How do you get your students to care about learning new things? Please share!

Posted on the Successful Teaching Blog by loonyhiker (successfulteaching at gmail dot com).

Image: 'PorĂ…£i'
http://www.flickr.com/photos/23837911@N08/3025002382

Tuesday, November 29, 2011

I Want to Be a Virus!

virusIn Are You a Virus? from The Clever Sheep, Rodd Lucier states,


“Viruses often innovate in the relative safety of a closed door classroom. If you use attempt to use technology in unexpected ways, or if you use tools before they become the norm, you may be a virus. There are many innovators out there, but most, like viruses, are difficult to see. It is only through the sharing of stories, that they become visible.


Virus can replicate but only within living host. If you are a virus, do you dare share your strategies and learning experiments with colleagues? In my experience, viral replication begins through such conversation and conversion. Open sharing may be just the thing that ensures that your district; your school; your department remains vibrant.”

I want to be a virus! I want to share and spread what I know and learn! But sometimes I get tired of always moving uphill against the stream. Sometimes I think, why bother? I get tired of hearing all the “talk” and not seeing any results. It is frustrating that the world is not moving as fast as I want them to. I even see others saying that they are through with all of the “talk”! For four years I have been hearing the “talk” and been part of the talk but we need action!

After reading this article, I realized that being part of the “talk” is action. By keeping the talk going, it is spreading the information like a virus. Maybe I am only reaching one person at a time but if all the people I know who are part of the “talk” is spreading it to one person at a time, changes are being made even if we don’t see the big picture.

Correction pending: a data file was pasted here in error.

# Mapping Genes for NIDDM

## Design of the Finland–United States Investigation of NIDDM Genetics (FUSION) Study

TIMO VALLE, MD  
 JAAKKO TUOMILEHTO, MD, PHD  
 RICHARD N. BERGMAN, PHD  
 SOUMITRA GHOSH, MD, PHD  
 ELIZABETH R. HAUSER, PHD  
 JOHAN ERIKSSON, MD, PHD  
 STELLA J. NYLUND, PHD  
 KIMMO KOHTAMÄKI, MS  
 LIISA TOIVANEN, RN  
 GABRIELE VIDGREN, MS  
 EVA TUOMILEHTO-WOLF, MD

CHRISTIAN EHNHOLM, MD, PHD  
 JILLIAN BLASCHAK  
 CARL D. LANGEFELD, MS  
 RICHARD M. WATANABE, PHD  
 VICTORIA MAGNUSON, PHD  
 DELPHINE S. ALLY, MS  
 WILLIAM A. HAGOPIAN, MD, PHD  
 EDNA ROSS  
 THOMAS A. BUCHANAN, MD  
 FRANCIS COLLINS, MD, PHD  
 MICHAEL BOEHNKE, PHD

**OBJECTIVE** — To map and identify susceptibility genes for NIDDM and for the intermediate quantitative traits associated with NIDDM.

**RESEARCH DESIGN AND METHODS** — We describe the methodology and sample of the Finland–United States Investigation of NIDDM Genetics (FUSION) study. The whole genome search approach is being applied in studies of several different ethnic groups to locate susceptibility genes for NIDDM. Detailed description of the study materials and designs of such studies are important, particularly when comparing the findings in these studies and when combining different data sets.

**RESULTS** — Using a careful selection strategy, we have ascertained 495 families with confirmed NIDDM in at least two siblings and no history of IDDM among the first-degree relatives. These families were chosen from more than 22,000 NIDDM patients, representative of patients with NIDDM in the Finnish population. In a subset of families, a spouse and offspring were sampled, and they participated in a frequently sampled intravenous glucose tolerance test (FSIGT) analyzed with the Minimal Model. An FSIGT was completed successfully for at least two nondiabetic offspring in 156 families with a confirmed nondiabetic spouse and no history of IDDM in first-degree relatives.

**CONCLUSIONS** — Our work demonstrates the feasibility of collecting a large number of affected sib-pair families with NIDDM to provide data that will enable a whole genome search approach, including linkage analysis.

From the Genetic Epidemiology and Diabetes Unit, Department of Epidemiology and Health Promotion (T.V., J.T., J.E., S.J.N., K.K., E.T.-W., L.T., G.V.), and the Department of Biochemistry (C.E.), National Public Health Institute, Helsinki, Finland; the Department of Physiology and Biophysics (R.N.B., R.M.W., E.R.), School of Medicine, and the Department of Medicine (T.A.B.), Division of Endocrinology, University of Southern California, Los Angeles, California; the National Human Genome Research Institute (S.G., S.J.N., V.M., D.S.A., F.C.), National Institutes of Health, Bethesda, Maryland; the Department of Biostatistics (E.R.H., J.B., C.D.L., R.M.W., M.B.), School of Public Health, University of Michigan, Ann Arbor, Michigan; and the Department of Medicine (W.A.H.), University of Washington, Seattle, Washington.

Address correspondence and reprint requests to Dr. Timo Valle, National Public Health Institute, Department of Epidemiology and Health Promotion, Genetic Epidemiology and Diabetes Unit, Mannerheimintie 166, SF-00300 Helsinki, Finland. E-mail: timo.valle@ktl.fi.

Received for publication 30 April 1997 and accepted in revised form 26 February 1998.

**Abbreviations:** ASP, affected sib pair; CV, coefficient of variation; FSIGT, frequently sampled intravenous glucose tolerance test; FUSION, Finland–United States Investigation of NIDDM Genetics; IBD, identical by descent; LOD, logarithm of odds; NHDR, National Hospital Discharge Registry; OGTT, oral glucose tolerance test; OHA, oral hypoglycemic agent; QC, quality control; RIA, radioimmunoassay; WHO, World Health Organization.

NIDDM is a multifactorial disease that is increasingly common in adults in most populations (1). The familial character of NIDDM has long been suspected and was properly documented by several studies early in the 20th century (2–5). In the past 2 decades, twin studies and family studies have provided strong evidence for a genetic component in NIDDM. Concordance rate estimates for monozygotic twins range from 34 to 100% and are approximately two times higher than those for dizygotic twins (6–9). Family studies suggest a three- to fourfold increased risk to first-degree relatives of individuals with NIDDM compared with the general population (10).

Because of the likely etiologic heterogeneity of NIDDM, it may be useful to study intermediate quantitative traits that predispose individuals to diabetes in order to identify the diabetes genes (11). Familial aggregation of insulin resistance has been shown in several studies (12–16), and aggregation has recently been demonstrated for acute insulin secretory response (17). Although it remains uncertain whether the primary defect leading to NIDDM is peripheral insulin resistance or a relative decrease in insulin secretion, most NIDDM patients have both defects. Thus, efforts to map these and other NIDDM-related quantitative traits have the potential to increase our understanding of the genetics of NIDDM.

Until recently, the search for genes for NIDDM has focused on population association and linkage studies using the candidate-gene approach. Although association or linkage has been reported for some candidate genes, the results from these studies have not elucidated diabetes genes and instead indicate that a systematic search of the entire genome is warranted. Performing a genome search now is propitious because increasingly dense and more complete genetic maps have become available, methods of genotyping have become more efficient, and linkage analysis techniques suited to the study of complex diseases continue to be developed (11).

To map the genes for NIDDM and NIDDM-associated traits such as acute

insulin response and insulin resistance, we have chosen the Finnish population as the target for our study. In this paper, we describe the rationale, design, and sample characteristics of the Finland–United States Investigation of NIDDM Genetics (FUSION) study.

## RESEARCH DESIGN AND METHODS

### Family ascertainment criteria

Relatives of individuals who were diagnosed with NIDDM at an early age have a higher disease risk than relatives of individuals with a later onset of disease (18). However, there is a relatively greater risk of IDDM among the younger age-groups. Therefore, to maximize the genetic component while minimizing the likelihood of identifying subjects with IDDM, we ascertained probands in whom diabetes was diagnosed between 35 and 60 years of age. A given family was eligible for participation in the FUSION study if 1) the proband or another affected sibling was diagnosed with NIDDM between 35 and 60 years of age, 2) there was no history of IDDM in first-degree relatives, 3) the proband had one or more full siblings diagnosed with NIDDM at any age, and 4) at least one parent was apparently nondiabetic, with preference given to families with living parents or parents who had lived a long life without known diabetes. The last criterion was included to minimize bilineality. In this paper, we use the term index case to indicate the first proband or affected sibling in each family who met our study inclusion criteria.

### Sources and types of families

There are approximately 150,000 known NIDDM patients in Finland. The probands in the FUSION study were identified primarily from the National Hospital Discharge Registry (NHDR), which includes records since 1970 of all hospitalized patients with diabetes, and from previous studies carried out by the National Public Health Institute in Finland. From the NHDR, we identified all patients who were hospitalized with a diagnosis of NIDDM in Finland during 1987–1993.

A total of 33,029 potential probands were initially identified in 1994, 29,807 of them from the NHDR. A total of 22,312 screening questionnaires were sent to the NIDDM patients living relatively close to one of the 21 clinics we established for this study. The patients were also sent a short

So now I’m back in giving the “talk” to others. I will continue to bore everyone to death who will listen. I will keep talking about how we need to encourage technology in schools and how we need to let students bring and use their own devices in the classroom. I will continue to talk with teachers, administrators, school board members, and legislators about the importance of using technology in the classrooms. I will continue to train teachers to use tools in their classrooms that will enhance their lessons but not take the place of good teaching.

I will continue to be a virus! Will you come be a virus with me? How will infect others with your knowledge and experience?

Posted on the Successful Teaching Blog by loonyhiker (successfulteaching at gmail dot com).

Image: '365-223 TUE MAY 29'
http://www.flickr.com/photos/96123571@N00/520201209

Monday, November 28, 2011

Laugh It Off

laughterSometimes in teaching, as in real life, you have to laugh it off. You are going to make mistakes and though you may be disappointed and even embarrassed, you have to laugh it off. It will be easier if you don’t take yourself too seriously. I can’t begin to tell you all the stupid mistakes I made as a beginning teacher. I even made a bunch when I got more experience under my belt. There is no rhyme or reason when it comes to making mistakes. It can happen to all people at any time. This is a good opportunity to be a great role model for our students. They are watching a teacher’s every move and how they react to different situations.